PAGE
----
Treatment with investigational long-acting amylin, cagrilintide, in people with overweight and obesity, but not diabetes, led to significant reductions in bodyweight and was well tolerated, found a phase II trial by Dr David Lau and colleagues of the University of Calgary Cumming School of Medicine in Canada, in The Lancet.
In the randomised trial, all doses of the novel once-weekly injectable treatment yielded significantly greater weight loss than placebo. Estimated mean reduction in body weight from baseline to week 26 was as follows:
Cagrilintide 0.3 mg: 6.0%
Cagrilintide 0.6 mg: 6.8%
Cagrilintide 1.2 mg: 9.1%
Cagrilintide 2.4 mg: 9.7%
Cagrilintide 4.5 mg: 10.8%
The highest dose of cagrilintide also yielded significantly greater weight loss than 3.0-mg liraglutide (Saxenda). This equated to an average weight loss of 11.5 kg (25.4 lb) in the 4.5-mg cagrilintide arm versus 9.6 kg (21.2 lb) in the 3.0-mg liraglutide arm.
The researchers also pointed out that the decline in body weight seen with cagrilintide hadn't even reached a plateau yet by week 26.
“This is the first study to investigate the effect of ascending doses of cagrilintide for weight management,” Lau said. “Before this study, cagrilintide was shown to promote weight loss in a dose-dependent manner in preclinical studies and one clinical trial.”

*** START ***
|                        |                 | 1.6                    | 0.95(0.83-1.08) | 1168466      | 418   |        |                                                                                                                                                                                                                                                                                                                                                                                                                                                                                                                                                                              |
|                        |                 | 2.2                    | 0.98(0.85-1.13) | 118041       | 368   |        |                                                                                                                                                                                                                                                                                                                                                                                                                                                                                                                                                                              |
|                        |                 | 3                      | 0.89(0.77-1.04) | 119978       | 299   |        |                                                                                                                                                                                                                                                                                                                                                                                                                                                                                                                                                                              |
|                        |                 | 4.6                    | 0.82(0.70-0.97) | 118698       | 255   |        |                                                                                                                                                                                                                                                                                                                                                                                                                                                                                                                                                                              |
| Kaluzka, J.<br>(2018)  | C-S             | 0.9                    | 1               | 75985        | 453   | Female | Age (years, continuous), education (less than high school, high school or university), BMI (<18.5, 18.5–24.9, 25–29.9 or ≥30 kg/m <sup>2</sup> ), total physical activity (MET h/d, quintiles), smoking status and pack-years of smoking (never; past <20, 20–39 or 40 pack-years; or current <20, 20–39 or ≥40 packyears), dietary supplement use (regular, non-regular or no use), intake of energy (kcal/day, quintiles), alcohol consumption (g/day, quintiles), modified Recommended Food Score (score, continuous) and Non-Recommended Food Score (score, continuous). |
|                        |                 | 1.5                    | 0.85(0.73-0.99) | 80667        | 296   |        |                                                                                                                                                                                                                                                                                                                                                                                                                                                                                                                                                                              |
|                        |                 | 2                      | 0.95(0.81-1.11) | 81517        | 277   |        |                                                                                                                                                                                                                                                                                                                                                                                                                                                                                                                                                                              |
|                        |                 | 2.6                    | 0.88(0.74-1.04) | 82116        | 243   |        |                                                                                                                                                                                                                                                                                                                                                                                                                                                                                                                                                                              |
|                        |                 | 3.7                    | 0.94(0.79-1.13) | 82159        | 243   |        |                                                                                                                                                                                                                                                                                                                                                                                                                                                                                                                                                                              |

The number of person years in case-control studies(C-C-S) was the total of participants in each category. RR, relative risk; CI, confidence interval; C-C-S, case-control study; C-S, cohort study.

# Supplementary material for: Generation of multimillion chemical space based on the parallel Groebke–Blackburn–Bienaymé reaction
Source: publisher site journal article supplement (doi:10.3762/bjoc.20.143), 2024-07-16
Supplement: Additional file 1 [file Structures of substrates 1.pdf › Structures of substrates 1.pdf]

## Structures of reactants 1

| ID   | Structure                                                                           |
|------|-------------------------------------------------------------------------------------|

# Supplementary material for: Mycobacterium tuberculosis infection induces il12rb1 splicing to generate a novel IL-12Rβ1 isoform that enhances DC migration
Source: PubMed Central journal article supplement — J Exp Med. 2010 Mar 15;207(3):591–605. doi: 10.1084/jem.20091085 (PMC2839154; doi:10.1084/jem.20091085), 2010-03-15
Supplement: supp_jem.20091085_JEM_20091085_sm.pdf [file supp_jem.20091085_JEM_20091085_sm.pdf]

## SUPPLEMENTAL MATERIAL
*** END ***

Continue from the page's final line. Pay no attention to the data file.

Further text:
As a long-acting, acylated amylin analogue, cagrilintide acts as a satiety signal in the brain; it also slows gastric emptying and suppresses the post-prandial glucagon response to meals.
“Given its novel mechanism of action and the known heterogeneity of response to currently approved pharmacotherapies, cagrilintide presents an opportunity to expand the range of existing pharmacotherapies for weight management,” the researchers wrote.
This agent could also be investigated in combination with other agents with other mechanisms of action, they added. It has already been tested in a phase I trial in combination with 2.4 mg of semaglutide (Wegovy) for 20 weeks, which yielded a weight loss of more than 17%.
An accompanying commentary by Dr Kishore Gadde of Pennington Biomedical Research Center in Baton Rouge, Louisiana, and David Allison of Indiana University School of Public Health-Bloomington, compared the novel agent with other agents.
In post-approval studies, short-acting amylin analogue pramlintide (SymlinPen), at higher doses injected three times daily, yielded about a 2.8% greater weight loss than placebo over a 16-week period.
“The weight loss achieved with cagrilintide in Lau and colleagues’ study is clinically significant, greater than that achieved with pramlintide, and deserves further examination in longer duration trials,” Gadde and Allison wrote.